Well, apparently they are good for incidental protection of wildlife. Myanmar's increasing openness to global markets is likely to cause major impacts to their wildlife. It's interesting to note that the DMZ is also a local biodiversity hotspot in the Korean peninsula. It's almost as if a lack of humanity means that there isn't a destruction of natural processes, which means that there is an increase in biodiversity... Not so strange.
However, does this mean that ecologists and conservation biologists ought to support dictators? Uhh.... no. That's not even a question. Increased biodiversity hotspots can be maintained through local governance and conservation efforts throughout the nation. Enforcement of entry and use bans (as well as creating a focus on the trade of wildlife species when so many other social worries exist) would likely be difficult in a country that is emerging from a military dictatorship. However, instead of running wholeheartedly after urban development and resource extraction, it might help a country to develop and maintain a strong sense of pride, ownership, and stewardship of their natural resources, meaning that - although their economy may grow more slowly - they will maintain (hopefully in perpetuity) their natural heritage.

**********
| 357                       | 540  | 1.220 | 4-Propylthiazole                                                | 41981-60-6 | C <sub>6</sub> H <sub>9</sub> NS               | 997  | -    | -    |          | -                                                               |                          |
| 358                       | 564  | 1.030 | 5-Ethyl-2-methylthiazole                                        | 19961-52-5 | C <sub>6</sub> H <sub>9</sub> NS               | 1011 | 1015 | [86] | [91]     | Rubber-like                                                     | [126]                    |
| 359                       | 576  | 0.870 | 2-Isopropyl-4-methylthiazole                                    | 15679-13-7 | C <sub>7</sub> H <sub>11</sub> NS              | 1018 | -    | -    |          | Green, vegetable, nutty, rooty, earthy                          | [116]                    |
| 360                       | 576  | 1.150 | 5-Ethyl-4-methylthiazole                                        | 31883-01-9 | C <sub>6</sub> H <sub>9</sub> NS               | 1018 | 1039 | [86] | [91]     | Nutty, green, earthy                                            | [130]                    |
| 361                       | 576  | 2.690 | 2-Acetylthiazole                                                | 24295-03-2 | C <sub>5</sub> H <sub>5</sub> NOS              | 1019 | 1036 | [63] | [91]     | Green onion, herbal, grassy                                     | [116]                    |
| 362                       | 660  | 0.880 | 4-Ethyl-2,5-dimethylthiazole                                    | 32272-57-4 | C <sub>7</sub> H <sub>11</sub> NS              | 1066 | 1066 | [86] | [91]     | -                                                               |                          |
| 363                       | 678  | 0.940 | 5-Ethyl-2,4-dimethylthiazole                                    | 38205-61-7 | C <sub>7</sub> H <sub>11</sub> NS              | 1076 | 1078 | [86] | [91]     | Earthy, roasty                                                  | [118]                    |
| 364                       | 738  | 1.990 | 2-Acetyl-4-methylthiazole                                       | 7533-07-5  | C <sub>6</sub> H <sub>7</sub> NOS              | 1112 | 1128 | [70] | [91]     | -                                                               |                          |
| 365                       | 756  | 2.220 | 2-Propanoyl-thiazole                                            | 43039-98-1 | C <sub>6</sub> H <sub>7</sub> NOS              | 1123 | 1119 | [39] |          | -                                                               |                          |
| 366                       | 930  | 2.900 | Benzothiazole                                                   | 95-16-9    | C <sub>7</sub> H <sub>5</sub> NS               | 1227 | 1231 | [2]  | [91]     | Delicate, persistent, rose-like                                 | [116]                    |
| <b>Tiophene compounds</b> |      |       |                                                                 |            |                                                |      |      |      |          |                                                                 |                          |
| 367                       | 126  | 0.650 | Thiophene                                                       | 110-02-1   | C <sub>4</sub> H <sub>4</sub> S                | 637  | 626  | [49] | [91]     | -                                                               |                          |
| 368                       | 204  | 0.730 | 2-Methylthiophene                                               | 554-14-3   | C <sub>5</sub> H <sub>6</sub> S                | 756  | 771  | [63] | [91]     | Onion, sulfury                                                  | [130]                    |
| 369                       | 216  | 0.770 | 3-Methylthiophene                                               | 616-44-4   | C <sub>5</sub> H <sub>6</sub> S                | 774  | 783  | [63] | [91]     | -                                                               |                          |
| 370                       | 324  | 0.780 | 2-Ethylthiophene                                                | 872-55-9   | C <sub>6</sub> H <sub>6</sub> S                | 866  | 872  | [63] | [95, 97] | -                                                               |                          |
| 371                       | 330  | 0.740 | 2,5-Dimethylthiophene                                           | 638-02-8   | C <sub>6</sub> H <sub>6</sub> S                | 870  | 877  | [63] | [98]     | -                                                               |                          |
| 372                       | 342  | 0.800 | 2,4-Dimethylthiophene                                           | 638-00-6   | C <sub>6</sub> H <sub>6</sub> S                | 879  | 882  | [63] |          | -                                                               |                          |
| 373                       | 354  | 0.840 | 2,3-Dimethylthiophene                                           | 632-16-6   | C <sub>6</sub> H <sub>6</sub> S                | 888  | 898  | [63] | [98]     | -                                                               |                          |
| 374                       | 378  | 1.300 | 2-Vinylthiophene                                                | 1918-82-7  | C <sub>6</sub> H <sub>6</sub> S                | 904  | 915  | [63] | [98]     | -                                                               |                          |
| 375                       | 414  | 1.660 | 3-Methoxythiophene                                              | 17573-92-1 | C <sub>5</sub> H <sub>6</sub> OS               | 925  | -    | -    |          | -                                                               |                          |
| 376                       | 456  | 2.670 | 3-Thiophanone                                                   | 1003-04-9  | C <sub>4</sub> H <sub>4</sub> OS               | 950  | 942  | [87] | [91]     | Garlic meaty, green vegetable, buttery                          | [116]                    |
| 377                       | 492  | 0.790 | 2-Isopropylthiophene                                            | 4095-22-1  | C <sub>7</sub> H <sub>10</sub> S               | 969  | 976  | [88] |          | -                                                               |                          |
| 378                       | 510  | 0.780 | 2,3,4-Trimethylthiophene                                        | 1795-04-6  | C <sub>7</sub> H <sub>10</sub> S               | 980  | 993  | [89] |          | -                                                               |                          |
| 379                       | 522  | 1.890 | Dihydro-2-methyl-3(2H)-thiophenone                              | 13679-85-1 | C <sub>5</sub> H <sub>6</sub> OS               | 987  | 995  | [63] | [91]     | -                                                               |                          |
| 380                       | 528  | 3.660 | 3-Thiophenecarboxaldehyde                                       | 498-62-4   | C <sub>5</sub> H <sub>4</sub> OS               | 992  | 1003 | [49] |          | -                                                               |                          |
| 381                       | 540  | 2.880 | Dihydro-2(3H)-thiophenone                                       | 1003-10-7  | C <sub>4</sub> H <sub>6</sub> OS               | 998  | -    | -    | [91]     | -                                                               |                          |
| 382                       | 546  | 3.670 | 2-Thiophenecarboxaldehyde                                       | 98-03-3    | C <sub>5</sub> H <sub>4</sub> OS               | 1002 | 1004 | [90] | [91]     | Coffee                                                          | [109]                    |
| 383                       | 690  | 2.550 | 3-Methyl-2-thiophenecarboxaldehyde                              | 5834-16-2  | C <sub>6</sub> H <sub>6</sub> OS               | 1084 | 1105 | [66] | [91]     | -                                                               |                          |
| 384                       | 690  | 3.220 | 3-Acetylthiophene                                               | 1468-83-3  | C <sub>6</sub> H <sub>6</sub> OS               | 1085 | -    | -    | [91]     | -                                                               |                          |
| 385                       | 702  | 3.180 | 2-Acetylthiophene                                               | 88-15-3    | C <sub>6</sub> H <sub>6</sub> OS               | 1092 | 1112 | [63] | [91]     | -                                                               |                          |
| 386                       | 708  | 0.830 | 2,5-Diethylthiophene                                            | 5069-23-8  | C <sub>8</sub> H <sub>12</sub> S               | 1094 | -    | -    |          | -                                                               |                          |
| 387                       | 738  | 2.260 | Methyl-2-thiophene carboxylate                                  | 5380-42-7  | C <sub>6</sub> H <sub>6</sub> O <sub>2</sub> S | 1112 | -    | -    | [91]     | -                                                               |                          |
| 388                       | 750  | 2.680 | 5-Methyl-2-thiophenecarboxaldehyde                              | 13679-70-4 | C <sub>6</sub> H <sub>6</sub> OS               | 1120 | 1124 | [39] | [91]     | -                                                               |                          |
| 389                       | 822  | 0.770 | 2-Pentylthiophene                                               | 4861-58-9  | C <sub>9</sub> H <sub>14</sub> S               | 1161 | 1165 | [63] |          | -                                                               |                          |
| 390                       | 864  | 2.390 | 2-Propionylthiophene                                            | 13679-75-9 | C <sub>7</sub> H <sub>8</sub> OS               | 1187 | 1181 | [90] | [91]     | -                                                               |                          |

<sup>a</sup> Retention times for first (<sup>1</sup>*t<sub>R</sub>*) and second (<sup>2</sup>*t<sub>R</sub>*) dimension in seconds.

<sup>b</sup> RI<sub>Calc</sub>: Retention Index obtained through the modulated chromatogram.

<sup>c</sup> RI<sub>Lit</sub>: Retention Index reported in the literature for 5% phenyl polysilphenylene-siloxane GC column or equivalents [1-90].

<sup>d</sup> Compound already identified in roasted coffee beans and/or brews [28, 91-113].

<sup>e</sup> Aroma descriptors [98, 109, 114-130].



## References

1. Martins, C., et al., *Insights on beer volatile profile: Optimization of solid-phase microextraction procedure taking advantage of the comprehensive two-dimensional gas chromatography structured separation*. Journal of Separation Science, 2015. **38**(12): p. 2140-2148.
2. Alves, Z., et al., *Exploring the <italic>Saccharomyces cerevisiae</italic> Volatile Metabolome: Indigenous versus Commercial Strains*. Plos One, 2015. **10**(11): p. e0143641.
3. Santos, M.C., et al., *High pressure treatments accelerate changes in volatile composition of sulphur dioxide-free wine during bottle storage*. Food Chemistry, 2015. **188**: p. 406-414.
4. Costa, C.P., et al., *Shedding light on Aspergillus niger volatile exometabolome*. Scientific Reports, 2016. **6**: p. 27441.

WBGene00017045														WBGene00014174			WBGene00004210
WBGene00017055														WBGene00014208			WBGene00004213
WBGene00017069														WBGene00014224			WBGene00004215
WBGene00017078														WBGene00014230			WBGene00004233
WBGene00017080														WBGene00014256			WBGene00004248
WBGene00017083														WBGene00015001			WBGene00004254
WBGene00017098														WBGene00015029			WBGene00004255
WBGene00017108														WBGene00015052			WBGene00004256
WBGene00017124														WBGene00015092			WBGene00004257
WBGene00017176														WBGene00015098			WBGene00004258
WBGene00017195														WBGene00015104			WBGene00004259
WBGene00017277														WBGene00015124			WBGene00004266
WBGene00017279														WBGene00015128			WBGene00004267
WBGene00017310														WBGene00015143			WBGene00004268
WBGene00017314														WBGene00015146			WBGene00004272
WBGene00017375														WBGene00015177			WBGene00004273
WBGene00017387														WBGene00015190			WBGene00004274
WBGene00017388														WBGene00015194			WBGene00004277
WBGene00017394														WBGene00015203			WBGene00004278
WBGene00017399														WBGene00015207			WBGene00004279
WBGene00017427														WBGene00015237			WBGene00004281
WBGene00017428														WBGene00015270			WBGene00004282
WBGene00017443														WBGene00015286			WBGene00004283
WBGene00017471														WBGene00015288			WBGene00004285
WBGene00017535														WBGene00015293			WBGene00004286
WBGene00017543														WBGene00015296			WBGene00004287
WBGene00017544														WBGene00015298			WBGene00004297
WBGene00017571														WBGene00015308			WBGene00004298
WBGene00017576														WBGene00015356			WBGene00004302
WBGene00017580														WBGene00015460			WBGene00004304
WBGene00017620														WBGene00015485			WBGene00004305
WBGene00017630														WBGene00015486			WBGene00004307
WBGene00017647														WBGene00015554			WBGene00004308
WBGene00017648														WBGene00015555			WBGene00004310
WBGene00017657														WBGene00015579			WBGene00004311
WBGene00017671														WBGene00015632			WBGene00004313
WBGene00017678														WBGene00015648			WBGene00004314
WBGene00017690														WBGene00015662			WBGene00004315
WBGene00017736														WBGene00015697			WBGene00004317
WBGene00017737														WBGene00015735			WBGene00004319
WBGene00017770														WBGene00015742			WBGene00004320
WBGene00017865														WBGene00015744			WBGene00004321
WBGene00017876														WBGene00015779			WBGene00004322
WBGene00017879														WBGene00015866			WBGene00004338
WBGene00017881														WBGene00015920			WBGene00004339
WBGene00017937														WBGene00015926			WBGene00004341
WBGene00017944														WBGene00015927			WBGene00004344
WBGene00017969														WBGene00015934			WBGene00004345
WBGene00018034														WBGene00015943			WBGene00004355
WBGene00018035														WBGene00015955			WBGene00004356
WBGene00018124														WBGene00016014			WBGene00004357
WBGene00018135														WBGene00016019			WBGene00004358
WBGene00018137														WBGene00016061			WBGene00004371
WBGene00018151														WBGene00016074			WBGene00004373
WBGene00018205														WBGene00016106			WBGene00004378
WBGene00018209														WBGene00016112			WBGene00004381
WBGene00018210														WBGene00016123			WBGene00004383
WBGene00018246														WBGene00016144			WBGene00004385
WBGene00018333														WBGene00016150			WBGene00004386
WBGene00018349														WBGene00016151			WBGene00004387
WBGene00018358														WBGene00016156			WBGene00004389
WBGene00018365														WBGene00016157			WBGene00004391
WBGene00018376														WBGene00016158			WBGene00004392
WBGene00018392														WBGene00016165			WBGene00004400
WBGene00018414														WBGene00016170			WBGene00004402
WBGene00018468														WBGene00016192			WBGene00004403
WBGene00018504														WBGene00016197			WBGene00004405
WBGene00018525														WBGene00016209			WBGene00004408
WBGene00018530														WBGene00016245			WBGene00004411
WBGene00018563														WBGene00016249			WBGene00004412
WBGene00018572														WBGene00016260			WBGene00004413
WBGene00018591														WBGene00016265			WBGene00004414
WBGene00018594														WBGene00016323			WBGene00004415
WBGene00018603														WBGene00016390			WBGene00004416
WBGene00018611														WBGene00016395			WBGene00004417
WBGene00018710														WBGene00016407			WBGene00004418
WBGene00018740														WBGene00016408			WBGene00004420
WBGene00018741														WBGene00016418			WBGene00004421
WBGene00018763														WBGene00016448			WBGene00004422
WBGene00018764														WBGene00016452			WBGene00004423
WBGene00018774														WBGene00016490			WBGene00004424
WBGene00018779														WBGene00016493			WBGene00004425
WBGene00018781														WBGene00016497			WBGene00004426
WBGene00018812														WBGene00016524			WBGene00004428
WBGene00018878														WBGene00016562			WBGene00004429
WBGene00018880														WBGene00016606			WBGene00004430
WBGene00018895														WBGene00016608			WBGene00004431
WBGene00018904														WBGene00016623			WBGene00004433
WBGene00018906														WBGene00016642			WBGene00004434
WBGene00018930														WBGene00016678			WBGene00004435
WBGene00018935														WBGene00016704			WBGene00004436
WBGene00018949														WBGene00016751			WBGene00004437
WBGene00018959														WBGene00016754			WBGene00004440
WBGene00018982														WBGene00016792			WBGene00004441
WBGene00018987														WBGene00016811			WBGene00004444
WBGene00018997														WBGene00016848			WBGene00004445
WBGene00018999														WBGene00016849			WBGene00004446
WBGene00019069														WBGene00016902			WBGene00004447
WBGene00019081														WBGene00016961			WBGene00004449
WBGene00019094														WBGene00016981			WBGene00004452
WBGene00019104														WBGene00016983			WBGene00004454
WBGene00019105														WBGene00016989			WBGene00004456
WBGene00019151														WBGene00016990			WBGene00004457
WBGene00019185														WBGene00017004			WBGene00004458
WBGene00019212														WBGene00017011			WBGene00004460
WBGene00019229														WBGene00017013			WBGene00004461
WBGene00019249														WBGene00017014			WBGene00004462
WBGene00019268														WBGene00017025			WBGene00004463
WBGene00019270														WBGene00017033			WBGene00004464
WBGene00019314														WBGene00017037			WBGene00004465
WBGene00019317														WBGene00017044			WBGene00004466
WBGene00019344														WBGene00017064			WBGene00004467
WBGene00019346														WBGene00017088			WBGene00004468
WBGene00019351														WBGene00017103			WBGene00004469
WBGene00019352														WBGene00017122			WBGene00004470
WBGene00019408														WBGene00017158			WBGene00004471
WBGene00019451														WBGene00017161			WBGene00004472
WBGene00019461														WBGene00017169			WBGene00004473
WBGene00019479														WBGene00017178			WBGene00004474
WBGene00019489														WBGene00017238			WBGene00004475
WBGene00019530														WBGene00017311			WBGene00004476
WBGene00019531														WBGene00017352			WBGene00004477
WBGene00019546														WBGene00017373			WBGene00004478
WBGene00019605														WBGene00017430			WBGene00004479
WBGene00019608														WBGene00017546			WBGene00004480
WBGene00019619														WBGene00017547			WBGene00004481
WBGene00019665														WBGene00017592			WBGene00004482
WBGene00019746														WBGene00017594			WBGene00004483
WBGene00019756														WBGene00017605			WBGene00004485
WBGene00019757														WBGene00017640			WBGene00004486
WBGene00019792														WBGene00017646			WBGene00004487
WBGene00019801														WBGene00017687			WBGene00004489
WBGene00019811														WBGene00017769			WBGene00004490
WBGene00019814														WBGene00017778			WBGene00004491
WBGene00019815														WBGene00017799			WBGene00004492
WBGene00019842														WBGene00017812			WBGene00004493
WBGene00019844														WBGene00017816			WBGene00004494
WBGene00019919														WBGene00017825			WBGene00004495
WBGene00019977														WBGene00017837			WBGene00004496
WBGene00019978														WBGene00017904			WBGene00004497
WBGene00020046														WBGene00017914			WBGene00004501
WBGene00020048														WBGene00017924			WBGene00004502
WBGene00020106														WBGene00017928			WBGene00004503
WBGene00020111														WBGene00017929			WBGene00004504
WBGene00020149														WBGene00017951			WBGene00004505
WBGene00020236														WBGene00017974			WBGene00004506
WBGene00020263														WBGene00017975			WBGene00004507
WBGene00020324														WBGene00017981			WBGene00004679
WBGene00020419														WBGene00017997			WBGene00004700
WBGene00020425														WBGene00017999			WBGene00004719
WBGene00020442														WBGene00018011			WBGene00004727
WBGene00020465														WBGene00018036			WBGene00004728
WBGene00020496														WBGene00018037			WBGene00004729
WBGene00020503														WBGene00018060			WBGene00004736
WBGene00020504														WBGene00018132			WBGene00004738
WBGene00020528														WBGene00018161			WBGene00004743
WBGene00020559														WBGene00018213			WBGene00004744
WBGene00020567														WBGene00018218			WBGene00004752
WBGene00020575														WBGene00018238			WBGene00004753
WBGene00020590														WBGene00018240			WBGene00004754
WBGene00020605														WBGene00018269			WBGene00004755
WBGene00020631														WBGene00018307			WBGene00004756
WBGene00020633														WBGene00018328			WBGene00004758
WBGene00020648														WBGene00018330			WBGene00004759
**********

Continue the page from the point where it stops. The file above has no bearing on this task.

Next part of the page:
Of course, looking at the trend of how these things progress, I'm not going to be holding my breath.